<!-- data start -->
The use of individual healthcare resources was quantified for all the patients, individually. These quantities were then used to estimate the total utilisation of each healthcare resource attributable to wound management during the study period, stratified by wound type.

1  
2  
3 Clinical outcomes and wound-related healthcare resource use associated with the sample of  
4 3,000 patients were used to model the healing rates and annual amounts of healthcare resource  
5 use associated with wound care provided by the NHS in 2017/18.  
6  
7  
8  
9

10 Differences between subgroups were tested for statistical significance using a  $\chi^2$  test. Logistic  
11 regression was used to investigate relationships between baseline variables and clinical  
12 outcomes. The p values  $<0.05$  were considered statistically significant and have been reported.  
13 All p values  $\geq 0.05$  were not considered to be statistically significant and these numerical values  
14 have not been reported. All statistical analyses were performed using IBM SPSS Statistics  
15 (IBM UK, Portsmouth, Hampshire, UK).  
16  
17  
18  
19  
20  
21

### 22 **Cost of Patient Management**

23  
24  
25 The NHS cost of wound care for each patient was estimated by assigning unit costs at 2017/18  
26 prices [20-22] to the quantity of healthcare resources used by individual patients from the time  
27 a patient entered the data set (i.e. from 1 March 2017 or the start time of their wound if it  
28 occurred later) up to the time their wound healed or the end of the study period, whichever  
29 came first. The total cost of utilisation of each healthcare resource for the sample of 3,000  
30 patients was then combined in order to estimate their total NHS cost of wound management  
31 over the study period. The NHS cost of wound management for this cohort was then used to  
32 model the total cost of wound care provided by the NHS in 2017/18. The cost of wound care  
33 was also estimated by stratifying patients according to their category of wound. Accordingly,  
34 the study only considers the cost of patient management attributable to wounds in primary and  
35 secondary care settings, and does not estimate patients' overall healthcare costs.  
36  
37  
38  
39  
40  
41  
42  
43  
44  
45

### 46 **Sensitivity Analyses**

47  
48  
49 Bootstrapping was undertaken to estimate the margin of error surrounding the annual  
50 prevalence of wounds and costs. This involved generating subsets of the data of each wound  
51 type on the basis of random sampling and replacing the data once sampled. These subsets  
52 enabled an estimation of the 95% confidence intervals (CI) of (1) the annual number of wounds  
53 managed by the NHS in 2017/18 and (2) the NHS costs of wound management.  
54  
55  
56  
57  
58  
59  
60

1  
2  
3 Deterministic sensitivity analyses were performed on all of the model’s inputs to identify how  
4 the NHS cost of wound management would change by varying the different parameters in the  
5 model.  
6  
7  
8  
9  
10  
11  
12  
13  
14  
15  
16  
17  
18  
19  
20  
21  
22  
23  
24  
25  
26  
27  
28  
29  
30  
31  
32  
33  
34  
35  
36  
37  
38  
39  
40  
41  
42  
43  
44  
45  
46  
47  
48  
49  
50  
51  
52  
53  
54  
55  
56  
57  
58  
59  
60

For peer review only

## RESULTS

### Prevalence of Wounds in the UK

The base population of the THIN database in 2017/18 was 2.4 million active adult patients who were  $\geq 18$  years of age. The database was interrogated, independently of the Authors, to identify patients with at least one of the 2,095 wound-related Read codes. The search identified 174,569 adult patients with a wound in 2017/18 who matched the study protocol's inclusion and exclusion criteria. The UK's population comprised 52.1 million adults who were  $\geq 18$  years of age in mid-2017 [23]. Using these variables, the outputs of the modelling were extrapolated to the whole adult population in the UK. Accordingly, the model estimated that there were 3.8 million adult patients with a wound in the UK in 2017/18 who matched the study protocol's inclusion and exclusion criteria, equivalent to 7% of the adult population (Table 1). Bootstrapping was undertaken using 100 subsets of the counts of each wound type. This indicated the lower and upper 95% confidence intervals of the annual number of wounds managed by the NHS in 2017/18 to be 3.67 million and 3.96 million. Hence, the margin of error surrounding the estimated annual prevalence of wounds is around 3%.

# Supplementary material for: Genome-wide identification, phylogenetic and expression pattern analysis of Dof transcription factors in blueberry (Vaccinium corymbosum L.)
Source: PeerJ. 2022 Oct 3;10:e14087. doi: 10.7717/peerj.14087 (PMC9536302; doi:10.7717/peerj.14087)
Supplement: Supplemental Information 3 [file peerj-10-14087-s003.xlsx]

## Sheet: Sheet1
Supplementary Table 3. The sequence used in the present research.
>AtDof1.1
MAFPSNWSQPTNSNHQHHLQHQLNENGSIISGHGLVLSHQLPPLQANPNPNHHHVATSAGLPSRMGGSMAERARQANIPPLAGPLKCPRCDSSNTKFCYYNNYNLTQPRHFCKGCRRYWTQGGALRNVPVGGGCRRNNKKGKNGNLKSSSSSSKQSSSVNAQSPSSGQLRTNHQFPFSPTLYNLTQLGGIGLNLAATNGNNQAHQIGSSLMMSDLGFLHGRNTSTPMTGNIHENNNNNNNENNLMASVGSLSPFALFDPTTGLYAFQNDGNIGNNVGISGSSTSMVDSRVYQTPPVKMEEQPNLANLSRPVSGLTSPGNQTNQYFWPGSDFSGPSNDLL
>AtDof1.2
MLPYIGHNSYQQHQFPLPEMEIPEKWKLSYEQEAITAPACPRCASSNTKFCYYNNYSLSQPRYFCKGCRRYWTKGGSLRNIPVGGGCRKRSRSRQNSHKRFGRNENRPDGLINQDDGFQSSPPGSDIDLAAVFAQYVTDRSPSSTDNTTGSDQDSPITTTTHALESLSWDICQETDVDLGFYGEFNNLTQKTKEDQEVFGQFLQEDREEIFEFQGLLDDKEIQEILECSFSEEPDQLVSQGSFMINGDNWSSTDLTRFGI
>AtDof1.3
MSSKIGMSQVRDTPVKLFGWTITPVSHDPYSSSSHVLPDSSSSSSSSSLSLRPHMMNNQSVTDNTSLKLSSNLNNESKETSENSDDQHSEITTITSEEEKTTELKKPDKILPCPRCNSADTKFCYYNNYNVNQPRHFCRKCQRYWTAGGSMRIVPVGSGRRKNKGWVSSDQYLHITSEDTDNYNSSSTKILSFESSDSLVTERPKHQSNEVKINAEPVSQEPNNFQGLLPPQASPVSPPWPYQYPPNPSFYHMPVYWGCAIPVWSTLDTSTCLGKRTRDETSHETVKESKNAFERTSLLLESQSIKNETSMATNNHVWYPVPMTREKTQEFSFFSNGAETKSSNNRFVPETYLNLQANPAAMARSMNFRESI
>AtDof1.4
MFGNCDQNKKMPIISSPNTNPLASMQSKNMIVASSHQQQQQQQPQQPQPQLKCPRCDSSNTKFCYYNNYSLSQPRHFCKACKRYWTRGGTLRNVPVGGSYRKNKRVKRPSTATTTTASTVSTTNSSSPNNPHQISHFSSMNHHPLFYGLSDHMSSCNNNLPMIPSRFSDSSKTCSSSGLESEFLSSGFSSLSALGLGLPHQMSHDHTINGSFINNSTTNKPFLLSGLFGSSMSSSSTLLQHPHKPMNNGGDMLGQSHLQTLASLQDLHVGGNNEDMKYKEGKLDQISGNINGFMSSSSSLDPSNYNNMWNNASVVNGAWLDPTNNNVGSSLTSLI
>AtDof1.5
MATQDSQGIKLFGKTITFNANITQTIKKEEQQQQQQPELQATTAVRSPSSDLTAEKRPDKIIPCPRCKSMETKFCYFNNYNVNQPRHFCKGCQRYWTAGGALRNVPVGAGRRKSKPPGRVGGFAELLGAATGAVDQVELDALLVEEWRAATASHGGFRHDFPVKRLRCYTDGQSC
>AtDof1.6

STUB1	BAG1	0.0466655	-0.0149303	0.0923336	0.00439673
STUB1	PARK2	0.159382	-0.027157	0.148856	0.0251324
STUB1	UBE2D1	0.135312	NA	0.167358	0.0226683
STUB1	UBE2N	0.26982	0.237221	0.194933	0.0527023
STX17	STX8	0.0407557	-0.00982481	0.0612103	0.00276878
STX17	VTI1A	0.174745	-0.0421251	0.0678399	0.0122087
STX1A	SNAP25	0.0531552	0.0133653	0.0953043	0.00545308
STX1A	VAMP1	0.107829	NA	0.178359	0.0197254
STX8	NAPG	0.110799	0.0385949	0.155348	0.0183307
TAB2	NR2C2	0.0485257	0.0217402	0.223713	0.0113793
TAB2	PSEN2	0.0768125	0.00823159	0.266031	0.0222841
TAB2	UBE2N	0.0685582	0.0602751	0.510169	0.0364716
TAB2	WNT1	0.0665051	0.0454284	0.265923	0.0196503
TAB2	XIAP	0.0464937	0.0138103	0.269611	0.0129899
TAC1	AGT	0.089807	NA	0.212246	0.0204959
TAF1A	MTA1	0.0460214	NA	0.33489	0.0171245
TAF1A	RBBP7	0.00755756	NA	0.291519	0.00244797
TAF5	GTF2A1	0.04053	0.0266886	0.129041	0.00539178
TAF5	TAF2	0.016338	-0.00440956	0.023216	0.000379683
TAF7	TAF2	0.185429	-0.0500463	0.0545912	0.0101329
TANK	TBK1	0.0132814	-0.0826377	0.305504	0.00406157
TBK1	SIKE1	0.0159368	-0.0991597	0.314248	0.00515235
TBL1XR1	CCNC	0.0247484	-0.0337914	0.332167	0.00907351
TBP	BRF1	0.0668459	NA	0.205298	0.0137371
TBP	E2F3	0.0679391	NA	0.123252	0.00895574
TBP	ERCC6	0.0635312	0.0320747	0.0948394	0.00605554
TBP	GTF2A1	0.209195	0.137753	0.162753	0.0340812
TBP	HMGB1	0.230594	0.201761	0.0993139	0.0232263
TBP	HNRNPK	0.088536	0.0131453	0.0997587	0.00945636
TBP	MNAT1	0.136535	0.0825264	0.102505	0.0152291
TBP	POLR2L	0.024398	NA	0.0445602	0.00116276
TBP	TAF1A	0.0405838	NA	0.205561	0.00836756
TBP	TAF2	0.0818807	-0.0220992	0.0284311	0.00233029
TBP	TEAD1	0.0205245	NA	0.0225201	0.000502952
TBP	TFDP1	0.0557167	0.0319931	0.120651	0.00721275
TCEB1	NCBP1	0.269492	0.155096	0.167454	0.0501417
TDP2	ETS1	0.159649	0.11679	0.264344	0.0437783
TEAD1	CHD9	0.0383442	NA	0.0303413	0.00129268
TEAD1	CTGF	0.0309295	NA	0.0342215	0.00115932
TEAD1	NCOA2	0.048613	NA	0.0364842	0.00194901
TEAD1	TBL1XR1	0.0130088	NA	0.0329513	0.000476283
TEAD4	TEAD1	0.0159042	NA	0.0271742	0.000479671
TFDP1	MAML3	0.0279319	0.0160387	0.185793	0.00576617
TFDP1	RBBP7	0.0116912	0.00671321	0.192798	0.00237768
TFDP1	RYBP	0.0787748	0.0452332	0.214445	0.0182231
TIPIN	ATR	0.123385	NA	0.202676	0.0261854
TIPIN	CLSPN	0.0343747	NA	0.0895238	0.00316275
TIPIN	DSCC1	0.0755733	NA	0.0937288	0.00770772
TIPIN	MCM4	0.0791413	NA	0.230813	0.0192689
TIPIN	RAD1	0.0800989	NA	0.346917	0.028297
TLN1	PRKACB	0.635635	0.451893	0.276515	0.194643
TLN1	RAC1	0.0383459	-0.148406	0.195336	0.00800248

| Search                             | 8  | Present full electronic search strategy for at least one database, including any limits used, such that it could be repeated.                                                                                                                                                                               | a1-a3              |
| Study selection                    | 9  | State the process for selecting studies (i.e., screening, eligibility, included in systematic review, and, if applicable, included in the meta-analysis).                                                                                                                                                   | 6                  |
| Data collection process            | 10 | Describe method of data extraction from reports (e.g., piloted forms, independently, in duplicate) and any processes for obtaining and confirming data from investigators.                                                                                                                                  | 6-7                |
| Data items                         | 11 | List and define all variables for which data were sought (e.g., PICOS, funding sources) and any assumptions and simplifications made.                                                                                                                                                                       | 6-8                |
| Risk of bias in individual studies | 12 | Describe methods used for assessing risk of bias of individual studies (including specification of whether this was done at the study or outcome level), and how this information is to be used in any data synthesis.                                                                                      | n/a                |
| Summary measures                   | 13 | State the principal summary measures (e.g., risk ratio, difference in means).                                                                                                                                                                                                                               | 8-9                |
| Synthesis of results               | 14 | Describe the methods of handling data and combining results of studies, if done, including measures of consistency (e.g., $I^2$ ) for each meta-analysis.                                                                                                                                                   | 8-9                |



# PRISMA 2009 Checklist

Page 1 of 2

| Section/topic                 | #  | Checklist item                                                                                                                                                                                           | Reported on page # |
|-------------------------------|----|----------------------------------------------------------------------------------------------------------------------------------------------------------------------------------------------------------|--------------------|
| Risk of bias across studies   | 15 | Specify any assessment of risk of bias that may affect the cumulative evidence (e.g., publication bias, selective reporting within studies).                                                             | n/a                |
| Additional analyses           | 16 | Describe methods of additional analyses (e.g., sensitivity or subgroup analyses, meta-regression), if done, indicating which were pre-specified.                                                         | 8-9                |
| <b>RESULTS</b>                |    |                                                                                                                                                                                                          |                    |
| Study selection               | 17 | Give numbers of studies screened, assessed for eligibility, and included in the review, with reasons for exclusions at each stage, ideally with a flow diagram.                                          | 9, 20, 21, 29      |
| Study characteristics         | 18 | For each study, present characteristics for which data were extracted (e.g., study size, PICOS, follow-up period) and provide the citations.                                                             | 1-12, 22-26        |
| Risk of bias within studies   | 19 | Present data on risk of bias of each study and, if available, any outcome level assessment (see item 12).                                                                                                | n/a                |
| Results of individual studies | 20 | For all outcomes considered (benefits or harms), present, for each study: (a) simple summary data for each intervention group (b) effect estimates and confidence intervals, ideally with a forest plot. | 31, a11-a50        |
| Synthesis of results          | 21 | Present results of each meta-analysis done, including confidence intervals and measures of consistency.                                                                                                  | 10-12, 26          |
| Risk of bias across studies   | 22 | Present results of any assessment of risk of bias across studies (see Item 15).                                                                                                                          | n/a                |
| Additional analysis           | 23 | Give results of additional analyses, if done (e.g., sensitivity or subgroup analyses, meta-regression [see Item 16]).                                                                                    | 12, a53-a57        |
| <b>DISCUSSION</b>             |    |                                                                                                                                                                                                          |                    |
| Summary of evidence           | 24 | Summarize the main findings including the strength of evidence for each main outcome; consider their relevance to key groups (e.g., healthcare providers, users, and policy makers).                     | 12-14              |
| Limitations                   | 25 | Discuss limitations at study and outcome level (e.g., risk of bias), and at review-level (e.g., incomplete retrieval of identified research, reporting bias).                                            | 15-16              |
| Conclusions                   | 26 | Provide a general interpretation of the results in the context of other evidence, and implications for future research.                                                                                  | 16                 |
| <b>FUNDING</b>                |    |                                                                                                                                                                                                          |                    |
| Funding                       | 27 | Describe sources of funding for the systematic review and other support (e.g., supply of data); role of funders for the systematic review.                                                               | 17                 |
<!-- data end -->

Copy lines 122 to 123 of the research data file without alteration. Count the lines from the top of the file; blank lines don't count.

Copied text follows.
For peer review only

## RESULTS